by Maurice BlumbergThen Jesus said to his disciples, “Whoever wishes to come after me must deny himself, take up his cross, and follow me. For whoever wishes to save his life will lose it, but whoever loses his life for my sake will find it. What profit would there be for one to gain the whole world and forfeit his life? Or what can one give in exchange for his life?(Matthew 16:24-26).Therefore, gird up the loins of your mind, live soberly, and set your hopes completely on the grace to be brought to you at the revelation of Jesus Christ. Like obedient children, do not act in compliance with the desires of your former ignorance but, as he who called you is holy, be holy yourselves in every aspect of your conduct, for it is written, “Be holy because I [am] holy.” (1 Peter 1:13-16).God did not call us to impurity but to holiness (1 Thessalonians 4:7).I urge you therefore, brothers, by the mercies of God, to offer your bodies as a living sacrifice, holy and pleasing to God, your spiritual worship. Do not conform yourselves to this age but be transformed by the renewal of your mind, that you may discern what is the will of God, what is good and pleasing and perfect (Romans 12:1-2).It is important for us as Catholic men to not lose sight of the fact that the Gospel message of salvation carries with it practical implications for everyday life, including such matters as sexual conduct and purity. When we are being tempted by a sexual sin, it can be difficult to deny ourselves, take up our cross, and follow Jesus (Matthew 16:24). We need to be continually reminded of God’s design for human sexuality and be continually challenged to avoid immoral behavior. God is holy, and he wants his people to be holy too (1 Peter 1:16). This is our call as Catholic men, whether we are single or married,  for “God did not call us to impurity but to holiness” (1 Thessalonians 4:7).This call isn’t always easy. Every day we face temptations against the purity and holiness God has called us to. Sex outside of marriage is widely accepted. Pornography has become commonplace and an addiction for many men. Contraceptive “medicine” that causes abortions is gaining acceptance. The media continually bombards us with sexual images –even when watching a sporting event on television. In such an environment, we can find it very challenging to remain pure and chaste.All is not lost. God has given us his Spirit to empower us against sin and safeguard our purity. And even if we should fall, we can receive mercy and healing, as well as the grace we need to overcome our weaknesses, through repentance and the Sacrament of Reconciliation.It can be so tempting to give in to the culture and dismiss sexual sin as “not so bad.” But God knows that such sins can strike at the heart of who we are as Catholic men, whittling away at our self-worth and self-esteem. So never stop fighting the good fight. Continually “offer your bodies as a living sacrifice, holy and pleasing to God” (Romans 12:1).  Brothers, if we do this, it really is possible to live in the freedom and dignity of a pure and chaste life.“Holy Spirit, purify my heart so that I can live a life pleasing to God. Help me to turn aside from sexual sin, and strengthen all that is good in me. Lord Jesus, I ask for the grace to live a life of purity. Heavenly Father, I want to be holy as you are holy.”Many thanks to The Word Among Us ( for allowing me to adapt meditations in their monthly devotional magazine. Used with permission.Questions for Reflection/Discussion by Catholic Men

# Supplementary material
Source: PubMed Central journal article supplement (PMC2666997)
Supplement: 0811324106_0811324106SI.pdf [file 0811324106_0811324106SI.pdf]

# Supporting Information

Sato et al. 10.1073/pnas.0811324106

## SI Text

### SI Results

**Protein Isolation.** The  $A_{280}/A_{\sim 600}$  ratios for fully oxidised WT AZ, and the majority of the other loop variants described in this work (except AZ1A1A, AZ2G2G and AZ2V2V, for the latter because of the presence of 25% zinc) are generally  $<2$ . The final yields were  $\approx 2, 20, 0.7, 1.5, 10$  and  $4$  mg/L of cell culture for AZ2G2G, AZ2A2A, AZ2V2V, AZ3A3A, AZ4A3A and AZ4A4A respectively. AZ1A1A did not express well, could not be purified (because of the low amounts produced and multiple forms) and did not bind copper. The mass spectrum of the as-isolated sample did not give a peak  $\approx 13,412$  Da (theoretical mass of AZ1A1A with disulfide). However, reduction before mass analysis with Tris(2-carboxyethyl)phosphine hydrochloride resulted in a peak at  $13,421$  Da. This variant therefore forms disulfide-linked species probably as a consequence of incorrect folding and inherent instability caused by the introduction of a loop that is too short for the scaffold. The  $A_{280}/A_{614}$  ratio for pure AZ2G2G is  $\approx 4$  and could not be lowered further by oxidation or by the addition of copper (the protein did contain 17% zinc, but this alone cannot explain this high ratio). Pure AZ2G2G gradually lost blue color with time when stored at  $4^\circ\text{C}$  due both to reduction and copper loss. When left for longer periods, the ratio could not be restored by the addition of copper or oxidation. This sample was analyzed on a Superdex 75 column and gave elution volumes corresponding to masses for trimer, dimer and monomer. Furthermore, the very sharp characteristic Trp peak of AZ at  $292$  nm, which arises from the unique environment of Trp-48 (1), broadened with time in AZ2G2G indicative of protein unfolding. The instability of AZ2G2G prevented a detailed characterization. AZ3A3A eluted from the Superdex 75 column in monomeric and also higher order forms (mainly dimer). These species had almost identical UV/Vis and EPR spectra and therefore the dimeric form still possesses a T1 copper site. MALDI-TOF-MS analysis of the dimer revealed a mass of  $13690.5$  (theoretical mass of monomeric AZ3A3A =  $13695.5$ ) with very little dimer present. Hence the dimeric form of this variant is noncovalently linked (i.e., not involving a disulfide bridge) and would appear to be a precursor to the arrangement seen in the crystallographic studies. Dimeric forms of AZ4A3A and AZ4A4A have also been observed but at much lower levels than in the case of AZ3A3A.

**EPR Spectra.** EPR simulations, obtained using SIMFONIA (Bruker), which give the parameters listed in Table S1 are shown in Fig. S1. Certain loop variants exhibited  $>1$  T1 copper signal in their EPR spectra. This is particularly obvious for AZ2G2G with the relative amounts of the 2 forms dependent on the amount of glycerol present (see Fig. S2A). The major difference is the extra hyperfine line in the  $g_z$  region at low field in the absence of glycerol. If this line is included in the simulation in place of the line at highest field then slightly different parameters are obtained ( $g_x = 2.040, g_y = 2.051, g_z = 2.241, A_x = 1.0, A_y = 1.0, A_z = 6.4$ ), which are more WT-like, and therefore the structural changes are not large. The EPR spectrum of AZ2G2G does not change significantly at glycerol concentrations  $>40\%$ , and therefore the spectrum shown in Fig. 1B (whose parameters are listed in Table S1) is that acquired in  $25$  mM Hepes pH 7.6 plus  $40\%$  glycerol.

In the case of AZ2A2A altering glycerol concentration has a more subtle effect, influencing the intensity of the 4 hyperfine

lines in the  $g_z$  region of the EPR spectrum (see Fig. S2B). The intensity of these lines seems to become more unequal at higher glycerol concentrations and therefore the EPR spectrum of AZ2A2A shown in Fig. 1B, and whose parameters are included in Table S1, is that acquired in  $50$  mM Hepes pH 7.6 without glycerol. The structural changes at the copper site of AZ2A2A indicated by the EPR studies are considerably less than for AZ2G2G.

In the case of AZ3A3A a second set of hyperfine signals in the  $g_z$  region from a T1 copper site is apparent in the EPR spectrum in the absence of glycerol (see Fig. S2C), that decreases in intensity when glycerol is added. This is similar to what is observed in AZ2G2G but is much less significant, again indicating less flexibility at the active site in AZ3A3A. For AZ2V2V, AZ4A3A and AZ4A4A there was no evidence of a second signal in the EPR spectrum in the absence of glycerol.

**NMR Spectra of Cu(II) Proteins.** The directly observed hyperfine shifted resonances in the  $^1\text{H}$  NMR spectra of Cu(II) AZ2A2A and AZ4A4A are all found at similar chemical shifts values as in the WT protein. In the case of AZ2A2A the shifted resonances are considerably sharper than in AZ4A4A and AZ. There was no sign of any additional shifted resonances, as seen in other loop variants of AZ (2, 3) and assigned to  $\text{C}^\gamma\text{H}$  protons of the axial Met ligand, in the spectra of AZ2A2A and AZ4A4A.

1. Take some time to meditate and reflect on the Scriptures at the beginning of the article. What do you think God is trying to reveal to you through them?